Good tone is a complicated thing. It has a lot to do with context in my opinion. I might love a certain tone in one context and find it annoying in another. Fortunately for me, the context is always the same- it’s playing by myself in my basement. Usually, I play with a clean tone, my guitar- an Epiphone Sheraton- set on the middle pick-up setting (splitting the two humbuckers) with a little reverb from the amp’s built in effects and that is that. That tone is fine for me for sitting down and practicing every day. It is a good guitar tone.
Or I thought it was until I started recording it. It didn’t sound bad recorded. It needed a few tweaks, to be sure. The bass was a bit too much and I found I needed to boost the highs a little, but it was still a good tone. The problem was, it was just one tone. Since I was recording to hear my leads over my rhythm playing, I needed a lead tone and- potentially- several other rhythm tones to give the music separation. In my first recordings, some of which you can find in the older Diary entries, just messed around until I got something that worked for one track and then for the other. I wasn’t making Sgt Pepper’s here, I just needed to get some basic ideas on tape.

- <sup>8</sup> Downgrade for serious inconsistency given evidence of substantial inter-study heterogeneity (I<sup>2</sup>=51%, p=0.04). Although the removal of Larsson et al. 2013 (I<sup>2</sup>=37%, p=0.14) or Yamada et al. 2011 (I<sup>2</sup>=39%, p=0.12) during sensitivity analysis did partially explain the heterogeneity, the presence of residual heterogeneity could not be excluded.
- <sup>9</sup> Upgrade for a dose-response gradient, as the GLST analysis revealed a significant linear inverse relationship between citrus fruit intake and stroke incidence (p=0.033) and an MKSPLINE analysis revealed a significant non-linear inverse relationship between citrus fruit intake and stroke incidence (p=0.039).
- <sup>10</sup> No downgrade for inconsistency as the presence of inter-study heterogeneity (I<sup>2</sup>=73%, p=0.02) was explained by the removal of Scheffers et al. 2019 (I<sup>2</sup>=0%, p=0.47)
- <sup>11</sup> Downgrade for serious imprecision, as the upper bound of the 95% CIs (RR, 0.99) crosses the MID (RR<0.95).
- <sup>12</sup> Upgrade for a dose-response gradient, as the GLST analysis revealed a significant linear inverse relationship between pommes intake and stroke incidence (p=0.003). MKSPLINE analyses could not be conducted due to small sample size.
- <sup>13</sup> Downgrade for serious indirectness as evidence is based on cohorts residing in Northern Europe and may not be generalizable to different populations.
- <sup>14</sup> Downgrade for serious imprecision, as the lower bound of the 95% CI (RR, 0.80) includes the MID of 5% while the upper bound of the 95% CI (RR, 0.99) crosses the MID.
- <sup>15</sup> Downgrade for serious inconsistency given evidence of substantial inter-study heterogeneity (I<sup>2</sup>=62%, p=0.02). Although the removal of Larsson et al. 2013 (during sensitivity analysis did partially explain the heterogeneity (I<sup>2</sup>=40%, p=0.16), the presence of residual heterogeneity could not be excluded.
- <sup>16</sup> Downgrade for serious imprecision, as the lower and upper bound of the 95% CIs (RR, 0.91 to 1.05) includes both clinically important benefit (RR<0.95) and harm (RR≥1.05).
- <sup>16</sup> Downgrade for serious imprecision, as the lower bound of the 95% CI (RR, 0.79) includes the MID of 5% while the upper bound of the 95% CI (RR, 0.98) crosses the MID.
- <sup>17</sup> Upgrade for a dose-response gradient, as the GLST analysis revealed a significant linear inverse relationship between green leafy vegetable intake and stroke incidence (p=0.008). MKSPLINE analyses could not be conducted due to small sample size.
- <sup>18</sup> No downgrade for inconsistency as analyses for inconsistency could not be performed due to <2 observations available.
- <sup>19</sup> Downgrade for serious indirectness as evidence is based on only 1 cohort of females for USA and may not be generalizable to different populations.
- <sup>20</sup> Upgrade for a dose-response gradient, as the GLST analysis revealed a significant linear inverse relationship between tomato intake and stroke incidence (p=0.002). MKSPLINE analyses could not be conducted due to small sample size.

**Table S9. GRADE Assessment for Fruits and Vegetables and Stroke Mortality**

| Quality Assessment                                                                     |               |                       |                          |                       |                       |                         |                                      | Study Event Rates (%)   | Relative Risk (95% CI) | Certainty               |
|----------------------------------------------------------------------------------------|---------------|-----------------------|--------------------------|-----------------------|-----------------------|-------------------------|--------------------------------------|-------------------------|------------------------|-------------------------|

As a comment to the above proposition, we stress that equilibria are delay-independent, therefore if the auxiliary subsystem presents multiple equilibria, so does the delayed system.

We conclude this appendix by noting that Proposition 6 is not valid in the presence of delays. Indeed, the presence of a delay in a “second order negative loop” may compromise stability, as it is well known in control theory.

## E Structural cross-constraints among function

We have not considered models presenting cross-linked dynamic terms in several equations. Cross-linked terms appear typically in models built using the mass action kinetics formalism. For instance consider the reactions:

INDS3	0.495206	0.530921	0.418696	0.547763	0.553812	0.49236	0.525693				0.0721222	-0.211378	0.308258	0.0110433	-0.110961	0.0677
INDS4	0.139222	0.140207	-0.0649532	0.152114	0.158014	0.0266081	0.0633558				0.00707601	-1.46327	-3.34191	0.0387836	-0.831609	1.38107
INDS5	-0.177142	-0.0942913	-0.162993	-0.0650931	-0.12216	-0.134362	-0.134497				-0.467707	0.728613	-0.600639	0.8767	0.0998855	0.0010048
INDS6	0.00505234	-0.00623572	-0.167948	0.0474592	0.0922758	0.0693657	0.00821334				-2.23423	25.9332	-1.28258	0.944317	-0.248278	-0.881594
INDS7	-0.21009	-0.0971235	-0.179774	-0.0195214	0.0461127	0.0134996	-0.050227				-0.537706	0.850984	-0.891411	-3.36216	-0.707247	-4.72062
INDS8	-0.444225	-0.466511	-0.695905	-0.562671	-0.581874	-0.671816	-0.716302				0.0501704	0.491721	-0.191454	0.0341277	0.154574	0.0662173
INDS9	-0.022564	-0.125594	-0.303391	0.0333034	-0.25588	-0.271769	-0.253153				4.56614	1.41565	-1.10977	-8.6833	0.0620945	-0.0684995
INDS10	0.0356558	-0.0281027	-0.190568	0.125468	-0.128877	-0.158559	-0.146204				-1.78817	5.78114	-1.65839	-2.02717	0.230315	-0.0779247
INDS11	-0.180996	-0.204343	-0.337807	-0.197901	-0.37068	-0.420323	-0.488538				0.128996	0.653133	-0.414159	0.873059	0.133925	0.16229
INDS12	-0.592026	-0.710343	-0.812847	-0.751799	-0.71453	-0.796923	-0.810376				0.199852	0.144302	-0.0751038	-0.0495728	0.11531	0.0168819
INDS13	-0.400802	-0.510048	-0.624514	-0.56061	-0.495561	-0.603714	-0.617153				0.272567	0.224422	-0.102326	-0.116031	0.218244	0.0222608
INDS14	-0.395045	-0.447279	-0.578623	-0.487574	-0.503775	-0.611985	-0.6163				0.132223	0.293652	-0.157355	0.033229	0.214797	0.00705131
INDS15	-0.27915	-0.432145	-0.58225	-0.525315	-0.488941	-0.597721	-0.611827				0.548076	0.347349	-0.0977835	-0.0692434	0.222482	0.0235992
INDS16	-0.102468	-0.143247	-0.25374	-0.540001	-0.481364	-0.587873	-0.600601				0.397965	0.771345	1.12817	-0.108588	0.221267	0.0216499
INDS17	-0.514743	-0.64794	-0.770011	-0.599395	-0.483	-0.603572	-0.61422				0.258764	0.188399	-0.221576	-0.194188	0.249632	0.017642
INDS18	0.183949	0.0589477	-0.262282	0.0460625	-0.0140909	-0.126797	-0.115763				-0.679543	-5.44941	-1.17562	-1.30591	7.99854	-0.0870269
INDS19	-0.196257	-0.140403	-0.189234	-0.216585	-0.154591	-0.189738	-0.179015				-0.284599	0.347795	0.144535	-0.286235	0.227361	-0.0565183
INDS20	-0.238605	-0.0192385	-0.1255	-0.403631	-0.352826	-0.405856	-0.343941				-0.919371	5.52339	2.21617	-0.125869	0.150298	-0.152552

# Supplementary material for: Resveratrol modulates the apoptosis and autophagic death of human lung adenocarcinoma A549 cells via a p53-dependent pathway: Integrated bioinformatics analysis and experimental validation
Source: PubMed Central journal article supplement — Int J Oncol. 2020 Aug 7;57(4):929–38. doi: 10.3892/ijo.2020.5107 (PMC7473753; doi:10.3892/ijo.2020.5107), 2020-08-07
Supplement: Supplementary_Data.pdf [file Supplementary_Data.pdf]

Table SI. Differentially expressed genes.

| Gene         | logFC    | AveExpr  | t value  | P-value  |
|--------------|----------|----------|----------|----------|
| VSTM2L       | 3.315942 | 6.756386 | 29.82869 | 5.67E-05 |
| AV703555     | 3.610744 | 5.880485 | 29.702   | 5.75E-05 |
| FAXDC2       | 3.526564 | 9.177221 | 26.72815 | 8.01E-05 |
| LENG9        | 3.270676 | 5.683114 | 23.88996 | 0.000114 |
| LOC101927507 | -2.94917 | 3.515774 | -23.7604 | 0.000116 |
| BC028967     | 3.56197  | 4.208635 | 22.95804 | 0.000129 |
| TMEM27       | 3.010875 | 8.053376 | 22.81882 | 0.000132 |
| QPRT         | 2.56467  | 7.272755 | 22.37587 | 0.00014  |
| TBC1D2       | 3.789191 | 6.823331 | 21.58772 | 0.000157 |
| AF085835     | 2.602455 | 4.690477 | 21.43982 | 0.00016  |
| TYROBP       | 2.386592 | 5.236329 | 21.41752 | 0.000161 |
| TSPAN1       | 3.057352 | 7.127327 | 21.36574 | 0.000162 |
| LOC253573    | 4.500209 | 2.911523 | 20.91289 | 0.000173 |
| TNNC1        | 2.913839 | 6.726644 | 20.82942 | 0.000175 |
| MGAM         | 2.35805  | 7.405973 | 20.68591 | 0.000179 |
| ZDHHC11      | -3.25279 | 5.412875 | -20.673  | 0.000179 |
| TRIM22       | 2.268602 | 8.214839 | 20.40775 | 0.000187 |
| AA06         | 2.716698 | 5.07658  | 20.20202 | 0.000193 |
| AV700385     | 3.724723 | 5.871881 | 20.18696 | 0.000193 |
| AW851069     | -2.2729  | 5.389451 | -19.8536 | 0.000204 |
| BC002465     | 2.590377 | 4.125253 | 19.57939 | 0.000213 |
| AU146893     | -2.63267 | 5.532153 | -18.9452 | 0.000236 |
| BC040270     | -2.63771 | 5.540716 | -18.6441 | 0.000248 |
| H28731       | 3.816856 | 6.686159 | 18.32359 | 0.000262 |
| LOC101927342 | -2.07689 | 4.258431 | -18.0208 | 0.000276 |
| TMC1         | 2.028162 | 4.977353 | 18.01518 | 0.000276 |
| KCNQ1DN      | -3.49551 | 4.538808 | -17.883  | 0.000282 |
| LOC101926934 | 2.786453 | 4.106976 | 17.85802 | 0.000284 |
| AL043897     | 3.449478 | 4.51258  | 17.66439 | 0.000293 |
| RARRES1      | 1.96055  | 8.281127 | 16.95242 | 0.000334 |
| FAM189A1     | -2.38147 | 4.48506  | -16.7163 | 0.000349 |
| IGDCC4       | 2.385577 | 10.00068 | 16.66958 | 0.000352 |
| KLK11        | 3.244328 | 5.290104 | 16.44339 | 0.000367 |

Now, however, I am starting to think more seriously about my playing and I want to find “my sound” on the guitar. I am fortunate enough to have two pieces of gear that I really like to help me out here. My Epiphone Sheraton might not be a vintage Gibson 335 (the guitar it is modeled after), but it is a great hollowbody electric that is extremely versatile. It has been with me for 20 years and required just a little fretwork over the years. I also have a Vox Valvetronix amp, a strange little tube practice amp that models the sound of a number of classic amps by mimicking their tube settings. It is a bizarre concept and the execution is hit or miss -it does a good job mimicking a few of the classic amps it is supposed to emulate- the Fender blackface, the Fender Tweeds, and the Vox AC30, but it misses on the Marshalls and other high-gain models.